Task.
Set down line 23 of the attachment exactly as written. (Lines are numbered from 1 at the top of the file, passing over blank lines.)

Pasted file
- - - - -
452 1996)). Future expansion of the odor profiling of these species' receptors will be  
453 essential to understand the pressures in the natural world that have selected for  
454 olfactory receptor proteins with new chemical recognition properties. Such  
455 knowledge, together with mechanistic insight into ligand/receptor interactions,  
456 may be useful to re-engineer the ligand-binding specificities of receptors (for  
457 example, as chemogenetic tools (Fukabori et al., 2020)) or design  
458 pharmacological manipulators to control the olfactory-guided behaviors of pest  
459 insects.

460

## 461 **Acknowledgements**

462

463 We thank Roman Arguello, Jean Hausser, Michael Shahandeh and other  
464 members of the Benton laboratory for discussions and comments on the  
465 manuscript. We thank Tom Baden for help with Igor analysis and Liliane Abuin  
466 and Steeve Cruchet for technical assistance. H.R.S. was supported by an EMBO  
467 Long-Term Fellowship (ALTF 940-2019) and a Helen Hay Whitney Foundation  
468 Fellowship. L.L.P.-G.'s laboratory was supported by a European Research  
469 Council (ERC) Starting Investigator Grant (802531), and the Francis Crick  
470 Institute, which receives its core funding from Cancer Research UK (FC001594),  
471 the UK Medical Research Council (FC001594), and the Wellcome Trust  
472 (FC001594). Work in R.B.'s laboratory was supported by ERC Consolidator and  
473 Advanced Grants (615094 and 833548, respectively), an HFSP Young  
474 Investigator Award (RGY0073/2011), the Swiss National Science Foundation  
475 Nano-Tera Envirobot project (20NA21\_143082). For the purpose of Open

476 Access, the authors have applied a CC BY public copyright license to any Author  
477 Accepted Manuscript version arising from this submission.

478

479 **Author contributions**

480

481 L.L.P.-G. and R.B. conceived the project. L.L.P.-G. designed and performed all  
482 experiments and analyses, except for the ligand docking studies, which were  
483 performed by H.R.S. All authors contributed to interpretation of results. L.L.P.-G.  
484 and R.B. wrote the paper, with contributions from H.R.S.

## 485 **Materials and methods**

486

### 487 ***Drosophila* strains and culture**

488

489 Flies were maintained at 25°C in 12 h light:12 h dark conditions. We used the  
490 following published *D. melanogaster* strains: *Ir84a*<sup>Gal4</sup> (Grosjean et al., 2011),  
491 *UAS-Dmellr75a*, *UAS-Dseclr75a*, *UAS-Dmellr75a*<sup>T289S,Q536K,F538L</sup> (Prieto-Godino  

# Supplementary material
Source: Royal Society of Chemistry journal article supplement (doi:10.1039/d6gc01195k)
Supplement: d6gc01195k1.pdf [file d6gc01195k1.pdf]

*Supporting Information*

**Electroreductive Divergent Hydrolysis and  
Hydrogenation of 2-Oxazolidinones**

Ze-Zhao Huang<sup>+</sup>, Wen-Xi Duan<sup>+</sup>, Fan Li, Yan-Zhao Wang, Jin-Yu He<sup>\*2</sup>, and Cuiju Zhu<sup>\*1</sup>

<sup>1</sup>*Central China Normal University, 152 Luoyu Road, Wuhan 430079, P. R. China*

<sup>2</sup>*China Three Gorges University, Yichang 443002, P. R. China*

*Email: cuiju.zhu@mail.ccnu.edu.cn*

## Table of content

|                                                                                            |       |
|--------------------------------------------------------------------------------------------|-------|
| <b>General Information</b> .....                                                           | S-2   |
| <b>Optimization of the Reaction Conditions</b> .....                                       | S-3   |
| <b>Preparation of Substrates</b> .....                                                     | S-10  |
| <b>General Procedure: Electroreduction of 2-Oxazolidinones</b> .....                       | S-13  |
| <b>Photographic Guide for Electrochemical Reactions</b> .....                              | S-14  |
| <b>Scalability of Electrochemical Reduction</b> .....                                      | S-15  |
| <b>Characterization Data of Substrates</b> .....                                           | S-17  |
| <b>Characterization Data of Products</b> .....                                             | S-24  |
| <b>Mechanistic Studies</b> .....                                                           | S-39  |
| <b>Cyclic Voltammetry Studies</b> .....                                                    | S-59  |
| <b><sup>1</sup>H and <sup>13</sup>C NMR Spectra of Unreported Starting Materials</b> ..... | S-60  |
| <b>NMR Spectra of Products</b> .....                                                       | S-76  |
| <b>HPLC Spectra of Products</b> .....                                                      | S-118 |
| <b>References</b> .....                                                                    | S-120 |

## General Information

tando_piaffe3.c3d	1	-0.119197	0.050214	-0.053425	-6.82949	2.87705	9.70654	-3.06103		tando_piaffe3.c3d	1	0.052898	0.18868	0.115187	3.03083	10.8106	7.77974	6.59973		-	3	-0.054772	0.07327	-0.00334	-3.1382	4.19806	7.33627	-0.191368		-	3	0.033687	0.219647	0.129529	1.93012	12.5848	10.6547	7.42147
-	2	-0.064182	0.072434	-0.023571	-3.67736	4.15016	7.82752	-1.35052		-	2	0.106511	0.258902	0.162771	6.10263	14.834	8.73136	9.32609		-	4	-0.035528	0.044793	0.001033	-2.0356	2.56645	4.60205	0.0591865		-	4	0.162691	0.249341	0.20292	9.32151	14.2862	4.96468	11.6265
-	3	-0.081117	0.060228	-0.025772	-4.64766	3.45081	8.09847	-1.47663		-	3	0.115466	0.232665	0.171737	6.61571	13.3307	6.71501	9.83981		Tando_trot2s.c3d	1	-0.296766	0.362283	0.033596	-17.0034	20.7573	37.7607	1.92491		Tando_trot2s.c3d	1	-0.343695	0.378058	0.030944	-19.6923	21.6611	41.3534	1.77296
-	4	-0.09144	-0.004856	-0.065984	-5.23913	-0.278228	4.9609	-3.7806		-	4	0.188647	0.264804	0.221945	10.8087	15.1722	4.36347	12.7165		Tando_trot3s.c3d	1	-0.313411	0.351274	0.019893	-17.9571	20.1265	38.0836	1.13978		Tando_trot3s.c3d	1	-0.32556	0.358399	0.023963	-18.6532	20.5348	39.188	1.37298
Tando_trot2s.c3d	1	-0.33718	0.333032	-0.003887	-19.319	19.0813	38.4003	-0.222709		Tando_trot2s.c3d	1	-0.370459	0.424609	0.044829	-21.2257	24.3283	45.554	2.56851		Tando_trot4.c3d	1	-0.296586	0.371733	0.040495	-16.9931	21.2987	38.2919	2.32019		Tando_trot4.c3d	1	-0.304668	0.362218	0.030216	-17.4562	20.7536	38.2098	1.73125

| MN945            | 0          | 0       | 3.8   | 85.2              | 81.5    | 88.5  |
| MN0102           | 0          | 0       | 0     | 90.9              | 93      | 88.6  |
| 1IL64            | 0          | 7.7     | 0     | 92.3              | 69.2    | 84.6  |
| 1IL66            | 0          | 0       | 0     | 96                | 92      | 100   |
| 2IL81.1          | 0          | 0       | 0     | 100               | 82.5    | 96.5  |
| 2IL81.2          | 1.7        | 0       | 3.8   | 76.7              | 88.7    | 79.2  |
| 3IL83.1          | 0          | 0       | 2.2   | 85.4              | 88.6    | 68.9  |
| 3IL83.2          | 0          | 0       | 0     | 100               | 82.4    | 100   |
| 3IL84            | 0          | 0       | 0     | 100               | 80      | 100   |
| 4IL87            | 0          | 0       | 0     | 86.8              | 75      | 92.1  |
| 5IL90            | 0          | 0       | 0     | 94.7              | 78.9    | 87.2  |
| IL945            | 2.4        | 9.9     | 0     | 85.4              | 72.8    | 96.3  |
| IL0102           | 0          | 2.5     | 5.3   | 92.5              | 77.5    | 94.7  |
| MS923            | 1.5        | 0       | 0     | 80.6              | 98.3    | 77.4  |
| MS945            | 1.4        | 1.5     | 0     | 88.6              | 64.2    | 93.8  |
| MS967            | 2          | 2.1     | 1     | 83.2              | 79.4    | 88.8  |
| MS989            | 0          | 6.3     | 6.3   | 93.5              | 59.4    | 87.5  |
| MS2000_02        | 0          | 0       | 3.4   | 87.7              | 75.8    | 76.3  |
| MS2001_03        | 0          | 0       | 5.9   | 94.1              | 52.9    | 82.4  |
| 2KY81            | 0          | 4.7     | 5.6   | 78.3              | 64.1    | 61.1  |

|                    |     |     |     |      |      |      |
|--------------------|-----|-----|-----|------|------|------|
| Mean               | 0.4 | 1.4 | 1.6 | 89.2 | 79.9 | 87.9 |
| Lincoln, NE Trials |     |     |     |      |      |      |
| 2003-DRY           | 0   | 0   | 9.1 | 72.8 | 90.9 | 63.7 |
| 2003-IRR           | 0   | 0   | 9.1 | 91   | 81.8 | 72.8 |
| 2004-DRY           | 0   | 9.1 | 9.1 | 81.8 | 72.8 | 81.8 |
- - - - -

474 Investigator Award (RGY0073/2011), the Swiss National Science Foundation  